Don Pursch is a professional fisherman—a guide, teacher and occasional tournament pro with an aptitude for catching the toothy brutes known as muskellunge that cruise the clear blue lakes near his home in Walker, Minn. He's so good at it that he has shared boats with TV anglers Roland Martin, Al Lindner and Babe Winkleman to show them a bit about muskie fishing. He also owns a fly-in camp in Canada, where his guests can take trophy lake trout and muskies and where he himself has coaxed a 45-pound muskie from the black depths.
Yet despite his prowess at catching the fierce and glamorous muskie, Pursch spends a sleepless weekend each year with his friends catching hundreds of pounds of the most repulsive fish of the North and thereby usually winning one of the strangest contests in angling.
"We go all out to win it," says Pursch. "Then you can go through the rest of the year knowing you are the champion of the International Eelpout Festival."
The center of Pursch's attention, the eelpout, is a freshwater relative of the cod, whose outstanding characteristic is its unpleasant appearance. Potbellied and barbeled, the eelpout looks like Alfred Hitchcock with fins.
The eelpout has many names, among them: burbot, ling, cod, cusk, gudgeon, mud blower and lush. Perhaps oddest of all is lawyer, used quite graphically in 1936 by a biologist describing the fish's spawning habits: "At first a dark shadow was noted at the edge of the ice, something which appeared to be a large ball. Eventually this moved out into view and it was seen to be indeed a ball—a tangled, nearly globular mass of moving, writhing lawyers."
This orgy occurs in winter, when the bottom-dwelling pout migrates from a lake's depths to shallow water, where it can be hooked by ice fishermen. An 18-pound, four-ounce specimen hangs in Dahlems caf� in Walker. Though a sign proclaims that fish the WORLD RECORD EELPOUT, European and Siberian specimens sometimes exceed 50 pounds. Large or small, the pout is despised for its habit of emerging from the ice hole tailfirst and wrapping itself, eel-like, around the arm of the angler. Eelpout aren't considered game fish, and the creel limit on the creature, according to one fisherman, is "all you can stand." Once the burbot bacchanalia ends, however, the fish return to deep water, so most summertime anglers never see them.
"I'd never heard of them," says Ken Bresley. "Being in the tackle business, I was kind of embarrassed." It was 12 years ago that Bresley moved from Chicago and opened the Tackle Box and Gift Shop in downtown Walker, on the shores of 20-mile-long Leech Lake. "All was well during the spring and summer, when thousands of tourists descended on the town. In May and June people would throw money at you and run out the door," Bresley says. "Then December hit, and I couldn't believe what happened." The only thing to descend on Walker was snow, and the town's population dwindled from about 5,000 inhabitants to 1,021 permanent residents. The pace of life was so slow, said one resident, "we were happy just to wake up."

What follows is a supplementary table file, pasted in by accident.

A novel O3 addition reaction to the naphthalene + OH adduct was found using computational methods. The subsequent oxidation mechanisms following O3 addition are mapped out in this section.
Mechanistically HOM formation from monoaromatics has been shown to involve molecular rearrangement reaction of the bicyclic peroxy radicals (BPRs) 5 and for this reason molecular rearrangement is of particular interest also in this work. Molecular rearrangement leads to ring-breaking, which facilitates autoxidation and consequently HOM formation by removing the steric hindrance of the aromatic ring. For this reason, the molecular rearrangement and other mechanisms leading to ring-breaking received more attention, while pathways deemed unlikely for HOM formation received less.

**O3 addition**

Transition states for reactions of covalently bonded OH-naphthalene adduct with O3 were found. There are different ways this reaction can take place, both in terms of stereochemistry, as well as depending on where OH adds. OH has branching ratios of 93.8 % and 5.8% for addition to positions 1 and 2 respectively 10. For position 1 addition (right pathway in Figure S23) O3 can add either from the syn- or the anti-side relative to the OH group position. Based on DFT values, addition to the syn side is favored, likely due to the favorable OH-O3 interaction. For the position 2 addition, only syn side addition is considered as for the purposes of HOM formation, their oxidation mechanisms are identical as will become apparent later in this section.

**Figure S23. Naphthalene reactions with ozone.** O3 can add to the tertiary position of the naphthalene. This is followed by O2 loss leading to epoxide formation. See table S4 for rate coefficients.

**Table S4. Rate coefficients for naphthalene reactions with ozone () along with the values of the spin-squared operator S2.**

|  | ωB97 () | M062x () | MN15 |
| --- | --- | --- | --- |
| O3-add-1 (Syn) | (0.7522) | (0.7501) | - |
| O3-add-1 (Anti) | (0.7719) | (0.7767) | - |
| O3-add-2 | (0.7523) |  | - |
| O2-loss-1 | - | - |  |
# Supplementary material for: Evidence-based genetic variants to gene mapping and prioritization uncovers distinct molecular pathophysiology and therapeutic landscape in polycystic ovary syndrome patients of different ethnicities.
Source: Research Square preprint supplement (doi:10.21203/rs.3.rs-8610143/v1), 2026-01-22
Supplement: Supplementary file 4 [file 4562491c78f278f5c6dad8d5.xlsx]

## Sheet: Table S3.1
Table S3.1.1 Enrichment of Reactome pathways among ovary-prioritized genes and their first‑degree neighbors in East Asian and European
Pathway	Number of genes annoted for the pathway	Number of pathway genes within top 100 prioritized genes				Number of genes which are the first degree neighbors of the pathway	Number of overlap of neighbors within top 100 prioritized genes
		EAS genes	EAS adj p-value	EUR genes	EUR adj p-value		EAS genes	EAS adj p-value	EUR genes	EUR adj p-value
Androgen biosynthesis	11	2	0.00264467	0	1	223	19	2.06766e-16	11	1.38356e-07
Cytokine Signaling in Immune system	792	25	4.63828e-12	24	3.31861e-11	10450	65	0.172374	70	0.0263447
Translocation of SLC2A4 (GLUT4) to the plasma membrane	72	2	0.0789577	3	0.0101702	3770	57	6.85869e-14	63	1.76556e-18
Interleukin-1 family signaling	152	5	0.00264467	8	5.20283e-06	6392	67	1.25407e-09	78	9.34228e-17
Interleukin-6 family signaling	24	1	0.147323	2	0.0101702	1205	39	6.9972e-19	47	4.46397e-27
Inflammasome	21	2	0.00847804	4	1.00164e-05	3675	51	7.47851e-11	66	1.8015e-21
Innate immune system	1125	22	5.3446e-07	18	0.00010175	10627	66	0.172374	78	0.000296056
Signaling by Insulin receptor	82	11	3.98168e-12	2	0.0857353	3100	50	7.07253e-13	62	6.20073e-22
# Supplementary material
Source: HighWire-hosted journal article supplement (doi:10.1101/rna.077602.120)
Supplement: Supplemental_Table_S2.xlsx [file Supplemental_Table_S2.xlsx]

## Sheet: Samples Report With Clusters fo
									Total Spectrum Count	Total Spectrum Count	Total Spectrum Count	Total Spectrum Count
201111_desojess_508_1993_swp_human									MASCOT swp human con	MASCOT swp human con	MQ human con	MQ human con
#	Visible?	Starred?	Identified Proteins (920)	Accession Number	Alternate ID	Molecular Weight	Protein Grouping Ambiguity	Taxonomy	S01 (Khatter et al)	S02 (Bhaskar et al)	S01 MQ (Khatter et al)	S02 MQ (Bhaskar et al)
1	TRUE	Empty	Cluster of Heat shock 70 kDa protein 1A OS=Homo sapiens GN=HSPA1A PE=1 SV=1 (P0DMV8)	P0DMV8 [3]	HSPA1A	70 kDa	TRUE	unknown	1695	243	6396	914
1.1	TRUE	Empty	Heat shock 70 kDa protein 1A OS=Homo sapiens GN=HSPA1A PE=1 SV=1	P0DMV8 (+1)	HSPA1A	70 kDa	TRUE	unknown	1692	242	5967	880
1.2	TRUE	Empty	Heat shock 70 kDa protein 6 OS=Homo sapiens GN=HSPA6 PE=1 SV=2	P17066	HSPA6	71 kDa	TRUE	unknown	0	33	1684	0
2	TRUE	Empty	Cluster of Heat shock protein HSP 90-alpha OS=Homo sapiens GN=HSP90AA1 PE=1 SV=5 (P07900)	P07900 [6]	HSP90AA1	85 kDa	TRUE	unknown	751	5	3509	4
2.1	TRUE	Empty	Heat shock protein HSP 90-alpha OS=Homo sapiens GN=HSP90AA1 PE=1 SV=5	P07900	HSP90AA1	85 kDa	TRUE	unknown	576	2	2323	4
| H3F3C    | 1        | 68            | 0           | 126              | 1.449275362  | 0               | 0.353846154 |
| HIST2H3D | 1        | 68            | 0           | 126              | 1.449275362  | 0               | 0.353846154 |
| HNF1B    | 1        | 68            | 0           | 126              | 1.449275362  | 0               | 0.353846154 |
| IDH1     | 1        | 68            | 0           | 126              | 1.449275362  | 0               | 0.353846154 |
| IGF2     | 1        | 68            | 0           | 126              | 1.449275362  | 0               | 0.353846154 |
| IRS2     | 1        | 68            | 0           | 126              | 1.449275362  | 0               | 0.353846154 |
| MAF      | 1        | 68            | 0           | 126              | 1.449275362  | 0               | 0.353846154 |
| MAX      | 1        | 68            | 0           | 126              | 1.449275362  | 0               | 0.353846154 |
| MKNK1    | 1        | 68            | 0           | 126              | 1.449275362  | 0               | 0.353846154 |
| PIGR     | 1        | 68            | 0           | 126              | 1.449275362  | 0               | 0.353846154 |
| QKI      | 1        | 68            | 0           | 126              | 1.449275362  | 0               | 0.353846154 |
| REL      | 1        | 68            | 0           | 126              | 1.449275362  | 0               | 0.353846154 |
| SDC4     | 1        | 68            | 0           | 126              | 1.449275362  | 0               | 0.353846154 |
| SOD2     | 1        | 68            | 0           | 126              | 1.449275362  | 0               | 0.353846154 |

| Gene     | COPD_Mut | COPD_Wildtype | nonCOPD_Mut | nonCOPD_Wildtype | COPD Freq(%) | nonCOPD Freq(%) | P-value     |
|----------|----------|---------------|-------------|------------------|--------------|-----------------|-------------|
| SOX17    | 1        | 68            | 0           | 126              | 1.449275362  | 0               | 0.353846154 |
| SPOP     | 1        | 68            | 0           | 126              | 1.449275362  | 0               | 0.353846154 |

"I got together with some of my friends," Bresley said. "We talked about staging a fishing contest." Inspiration can strike at strange moments. One day, while ice fishing, Bresley caught one of the strangest, slimiest fish he had ever seen. "Nice eelpout," another man said, and Bresley instantly knew what kind of fishing contest Walker could sponsor. "When we first started, in 1980, we were lucky to get 500 people," Bresley said. "We never thought we'd see anything like this."
The Eelpout Festival has become a three-day weekend of parties, promotions, footraces and helicopter rides, drawing some 8,000 people to town. Still, the main event is the fishing contest. Anglers compete in several categories for trophies and prizes. Naturally, there are awards for the biggest fish and so forth, but there are also prizes for the Team Having the Most Fun, and Most Elaborate Eelpout Subdivision (referring to the ice-shanty towns that spring up on Leech Lake). Teams may number up to 20, "excluding alternates, cheerleaders and substitutes," according to the rules. Perhaps the most coveted prize is the Team Tonnage Championship. The name of the category is only a slight exaggeration. Pursch's team, Camp Cod, won in 1988 by registering 847 pounds of eelpout. In 1987 Camp Cod won with the whopping total of 1,115 pounds, five ounces of slippery lawyers.
Last year fishing was poor because the pout were spawning late. Nonetheless, by Saturday morning of the second weekend in February, a city of hundreds of tents and ice-fishing shanties had spread across Leech Lake. Nineteen teams signed up, including the Big Boys Don't Pout, Burbot Bangers, Damn Chislers, and Special Ex-Pouts. At Sand Point, just outside of town, a team called the Slimy Pouters shoveled the ice smooth and set up bowling alleys and a pool table. "Last year we captured the trophy for the group that has the most fun," said one Slimy Pouter, "and we're sure to bring home the trophy this year." (They didn't. The Slimy Ones did.)